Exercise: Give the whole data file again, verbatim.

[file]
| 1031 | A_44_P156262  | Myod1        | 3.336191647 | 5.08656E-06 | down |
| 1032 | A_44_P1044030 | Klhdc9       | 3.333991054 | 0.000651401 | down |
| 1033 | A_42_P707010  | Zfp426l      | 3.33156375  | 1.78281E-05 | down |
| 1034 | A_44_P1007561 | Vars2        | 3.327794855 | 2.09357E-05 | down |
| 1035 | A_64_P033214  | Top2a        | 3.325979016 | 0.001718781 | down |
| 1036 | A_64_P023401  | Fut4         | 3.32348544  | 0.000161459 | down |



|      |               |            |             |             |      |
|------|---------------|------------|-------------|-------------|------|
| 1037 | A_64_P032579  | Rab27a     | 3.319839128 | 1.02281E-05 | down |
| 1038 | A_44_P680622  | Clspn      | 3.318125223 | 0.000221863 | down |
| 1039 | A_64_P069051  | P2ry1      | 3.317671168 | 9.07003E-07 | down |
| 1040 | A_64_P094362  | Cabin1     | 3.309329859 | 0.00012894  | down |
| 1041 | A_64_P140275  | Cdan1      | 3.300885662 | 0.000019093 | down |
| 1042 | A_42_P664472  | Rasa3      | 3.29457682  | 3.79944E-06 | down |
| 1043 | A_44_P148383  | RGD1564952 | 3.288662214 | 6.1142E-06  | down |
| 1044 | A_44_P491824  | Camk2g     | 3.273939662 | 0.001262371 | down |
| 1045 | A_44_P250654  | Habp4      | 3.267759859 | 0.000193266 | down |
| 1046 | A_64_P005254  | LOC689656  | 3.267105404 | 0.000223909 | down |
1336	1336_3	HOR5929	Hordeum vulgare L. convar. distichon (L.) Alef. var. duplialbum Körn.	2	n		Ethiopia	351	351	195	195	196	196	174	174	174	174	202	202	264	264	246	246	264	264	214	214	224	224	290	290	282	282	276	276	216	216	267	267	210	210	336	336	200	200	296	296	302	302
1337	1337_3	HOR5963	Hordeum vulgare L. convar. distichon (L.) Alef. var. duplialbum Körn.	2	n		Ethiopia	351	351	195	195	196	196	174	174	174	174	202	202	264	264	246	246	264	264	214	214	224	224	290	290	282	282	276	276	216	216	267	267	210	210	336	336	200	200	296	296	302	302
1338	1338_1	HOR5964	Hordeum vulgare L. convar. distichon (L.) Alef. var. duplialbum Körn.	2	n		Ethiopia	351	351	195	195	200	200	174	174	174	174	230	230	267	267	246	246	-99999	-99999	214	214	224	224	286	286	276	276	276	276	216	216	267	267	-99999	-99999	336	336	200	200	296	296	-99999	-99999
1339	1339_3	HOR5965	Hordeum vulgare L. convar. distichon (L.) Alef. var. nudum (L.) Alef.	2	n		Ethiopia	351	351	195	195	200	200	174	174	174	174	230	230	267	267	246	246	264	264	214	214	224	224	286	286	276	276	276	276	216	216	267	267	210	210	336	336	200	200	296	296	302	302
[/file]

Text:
| 1031 | A_44_P156262  | Myod1        | 3.336191647 | 5.08656E-06 | down |
| 1032 | A_44_P1044030 | Klhdc9       | 3.333991054 | 0.000651401 | down |
| 1033 | A_42_P707010  | Zfp426l      | 3.33156375  | 1.78281E-05 | down |
| 1034 | A_44_P1007561 | Vars2        | 3.327794855 | 2.09357E-05 | down |
| 1035 | A_64_P033214  | Top2a        | 3.325979016 | 0.001718781 | down |
| 1036 | A_64_P023401  | Fut4         | 3.32348544  | 0.000161459 | down |



|      |               |            |             |             |      |
|------|---------------|------------|-------------|-------------|------|
| 1037 | A_64_P032579  | Rab27a     | 3.319839128 | 1.02281E-05 | down |
| 1038 | A_44_P680622  | Clspn      | 3.318125223 | 0.000221863 | down |
| 1039 | A_64_P069051  | P2ry1      | 3.317671168 | 9.07003E-07 | down |
| 1040 | A_64_P094362  | Cabin1     | 3.309329859 | 0.00012894  | down |
| 1041 | A_64_P140275  | Cdan1      | 3.300885662 | 0.000019093 | down |
| 1042 | A_42_P664472  | Rasa3      | 3.29457682  | 3.79944E-06 | down |
| 1043 | A_44_P148383  | RGD1564952 | 3.288662214 | 6.1142E-06  | down |
| 1044 | A_44_P491824  | Camk2g     | 3.273939662 | 0.001262371 | down |
| 1045 | A_44_P250654  | Habp4      | 3.267759859 | 0.000193266 | down |
| 1046 | A_64_P005254  | LOC689656  | 3.267105404 | 0.000223909 | down |
1336	1336_3	HOR5929	Hordeum vulgare L. convar. distichon (L.) Alef. var. duplialbum Körn.	2	n		Ethiopia	351	351	195	195	196	196	174	174	174	174	202	202	264	264	246	246	264	264	214	214	224	224	290	290	282	282	276	276	216	216	267	267	210	210	336	336	200	200	296	296	302	302
1337	1337_3	HOR5963	Hordeum vulgare L. convar. distichon (L.) Alef. var. duplialbum Körn.	2	n		Ethiopia	351	351	195	195	196	196	174	174	174	174	202	202	264	264	246	246	264	264	214	214	224	224	290	290	282	282	276	276	216	216	267	267	210	210	336	336	200	200	296	296	302	302
1338	1338_1	HOR5964	Hordeum vulgare L. convar. distichon (L.) Alef. var. duplialbum Körn.	2	n		Ethiopia	351	351	195	195	200	200	174	174	174	174	230	230	267	267	246	246	-99999	-99999	214	214	224	224	286	286	276	276	276	276	216	216	267	267	-99999	-99999	336	336	200	200	296	296	-99999	-99999
1339	1339_3	HOR5965	Hordeum vulgare L. convar. distichon (L.) Alef. var. nudum (L.) Alef.	2	n		Ethiopia	351	351	195	195	200	200	174	174	174	174	230	230	267	267	246	246	264	264	214	214	224	224	286	286	276	276	276	276	216	216	267	267	210	210	336	336	200	200	296	296	302	302